If you’re a traditional public school parent, you’ve probably already received your child’s school supplies list for the coming year. Many families are no doubt planning back-to-school shopping trips this weekend to load up on pencils, notebooks and everything else their children need for class. Teachers are also getting ready for the year, building lesson plans and stocking up on classroom learning materials for their incoming students.
But what many people don’t realize is that over the past few years, state lawmakers have drastically cut funding for classroom supplies – forcing teachers and parents to pick up the slack. On top of that, politicians eliminated a back-to-school sales tax holiday that used to save North Carolina families an estimated $15 million each year on school supplies. In fact, some parents and teachers are even road-tripping to states like South Carolina and Virginia this weekend to take advantage of the sales tax holiday savings!
According to the Department of Public Instruction, North Carolina spent $59 per student on instructional supplies before the Great Recession began in 2008. But in the 2016-17 school year, that number will be down to about $30 per student. Proper funding for classroom supplies should be a top priority for our state lawmakers. Unfortunately, parents and teachers are being forced to fill an irresponsible funding gap created by the politicians in Raleigh.
When I first started teaching at Millbrook Elementary over a decade ago, teachers received $100 each year to buy classroom supplies. A couple years later, that was reduced to a $75 store credit at a local teaching supply shop. A couple years after that, the amount teachers could spend depended on how much their classrooms raised for the PTA. Then last year, teachers got nothing.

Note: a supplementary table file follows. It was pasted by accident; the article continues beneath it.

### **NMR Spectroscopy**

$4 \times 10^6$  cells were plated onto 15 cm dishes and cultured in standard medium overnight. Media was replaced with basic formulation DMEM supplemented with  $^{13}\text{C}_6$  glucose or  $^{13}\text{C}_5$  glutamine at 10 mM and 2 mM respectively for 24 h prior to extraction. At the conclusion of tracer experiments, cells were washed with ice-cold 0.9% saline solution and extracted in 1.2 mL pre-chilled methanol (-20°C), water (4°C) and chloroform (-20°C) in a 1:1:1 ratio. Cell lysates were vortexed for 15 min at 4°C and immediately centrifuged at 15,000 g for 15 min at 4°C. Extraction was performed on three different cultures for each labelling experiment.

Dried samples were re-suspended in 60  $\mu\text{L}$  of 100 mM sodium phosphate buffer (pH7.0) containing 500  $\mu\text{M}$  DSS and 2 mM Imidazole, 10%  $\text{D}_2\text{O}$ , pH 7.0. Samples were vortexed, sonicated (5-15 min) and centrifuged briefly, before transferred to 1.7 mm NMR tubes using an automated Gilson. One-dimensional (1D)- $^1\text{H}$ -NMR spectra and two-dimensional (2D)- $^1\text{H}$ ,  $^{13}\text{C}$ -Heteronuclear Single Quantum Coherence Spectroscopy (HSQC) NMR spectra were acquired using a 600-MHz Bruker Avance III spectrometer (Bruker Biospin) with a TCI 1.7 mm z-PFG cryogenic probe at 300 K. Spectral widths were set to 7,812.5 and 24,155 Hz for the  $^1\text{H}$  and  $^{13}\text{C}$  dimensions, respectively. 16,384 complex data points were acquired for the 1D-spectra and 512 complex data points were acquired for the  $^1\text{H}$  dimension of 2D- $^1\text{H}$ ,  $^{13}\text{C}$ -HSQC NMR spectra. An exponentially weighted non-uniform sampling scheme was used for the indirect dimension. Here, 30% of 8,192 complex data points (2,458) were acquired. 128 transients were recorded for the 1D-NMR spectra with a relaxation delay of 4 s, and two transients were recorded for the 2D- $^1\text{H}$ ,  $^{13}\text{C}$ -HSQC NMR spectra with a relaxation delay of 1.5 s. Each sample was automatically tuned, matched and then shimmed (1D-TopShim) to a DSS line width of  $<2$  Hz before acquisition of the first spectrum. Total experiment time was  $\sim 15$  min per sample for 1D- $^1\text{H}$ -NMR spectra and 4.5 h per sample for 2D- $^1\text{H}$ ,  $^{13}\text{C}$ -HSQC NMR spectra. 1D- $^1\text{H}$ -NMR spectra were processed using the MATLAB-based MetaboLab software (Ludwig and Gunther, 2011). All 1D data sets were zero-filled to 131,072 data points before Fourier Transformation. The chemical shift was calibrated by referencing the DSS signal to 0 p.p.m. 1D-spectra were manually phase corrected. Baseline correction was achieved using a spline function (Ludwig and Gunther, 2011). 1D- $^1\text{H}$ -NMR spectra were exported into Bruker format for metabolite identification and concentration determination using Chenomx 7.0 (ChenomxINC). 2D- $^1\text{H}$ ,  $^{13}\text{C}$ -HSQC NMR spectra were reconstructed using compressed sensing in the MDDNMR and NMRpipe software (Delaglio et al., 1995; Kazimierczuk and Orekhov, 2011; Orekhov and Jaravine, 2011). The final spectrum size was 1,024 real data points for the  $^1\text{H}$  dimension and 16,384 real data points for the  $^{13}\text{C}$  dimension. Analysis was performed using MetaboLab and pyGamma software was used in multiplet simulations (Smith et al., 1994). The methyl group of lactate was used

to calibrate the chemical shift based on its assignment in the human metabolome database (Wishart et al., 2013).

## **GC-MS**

That’s why every year I’m forced to spend hundreds of dollars of my own money on classroom supplies for my students. If we’re doing a special project that requires anything other than construction paper and glue, I have to buy it. If we run out of soil during our plant unit, I have to buy it. In fact, a recent survey found that the average teacher spends about $500 of his or her own money on classroom supplies each year – but many spend much more than that, especially teachers in low-income areas. And when politicians cut funding for classroom supplies, it hurts our low-income students the most.
Nearly 70 percent of students at our school receive free or reduced-price lunch, and some are even homeless. But we try hard to make sure every student is able to succeed, no matter what their living circumstances are like. I’ve bought shoes for a student. I’ve kept crackers in my desk in case a student misses the bus and doesn’t get to eat breakfast. I’ve even bought extra pairs of underwear in case a student has an accident during class. We’re not certainly required to do this – it certainly doesn’t show up on the standardized test scores our lawmakers use to “grade” us on – but if going the extra mile for my students will help them reach their fullest potential in life, how can I not?
Nobody becomes a teacher to get rich, but we didn’t take a vow of poverty, either. North Carolina is already considered the second-worst state to be a teacher, and we rank 46th in the country for per-student spending. But instead of restoring classroom funding to pre-recession levels, our politicians would rather give tax cuts to millionaires. What message does that send to our teachers about the value of their work? What message does it send to our students about the value of their lives?
Yolanda Barham is a first-grade teacher at Millbrook Elementary School in Raleigh.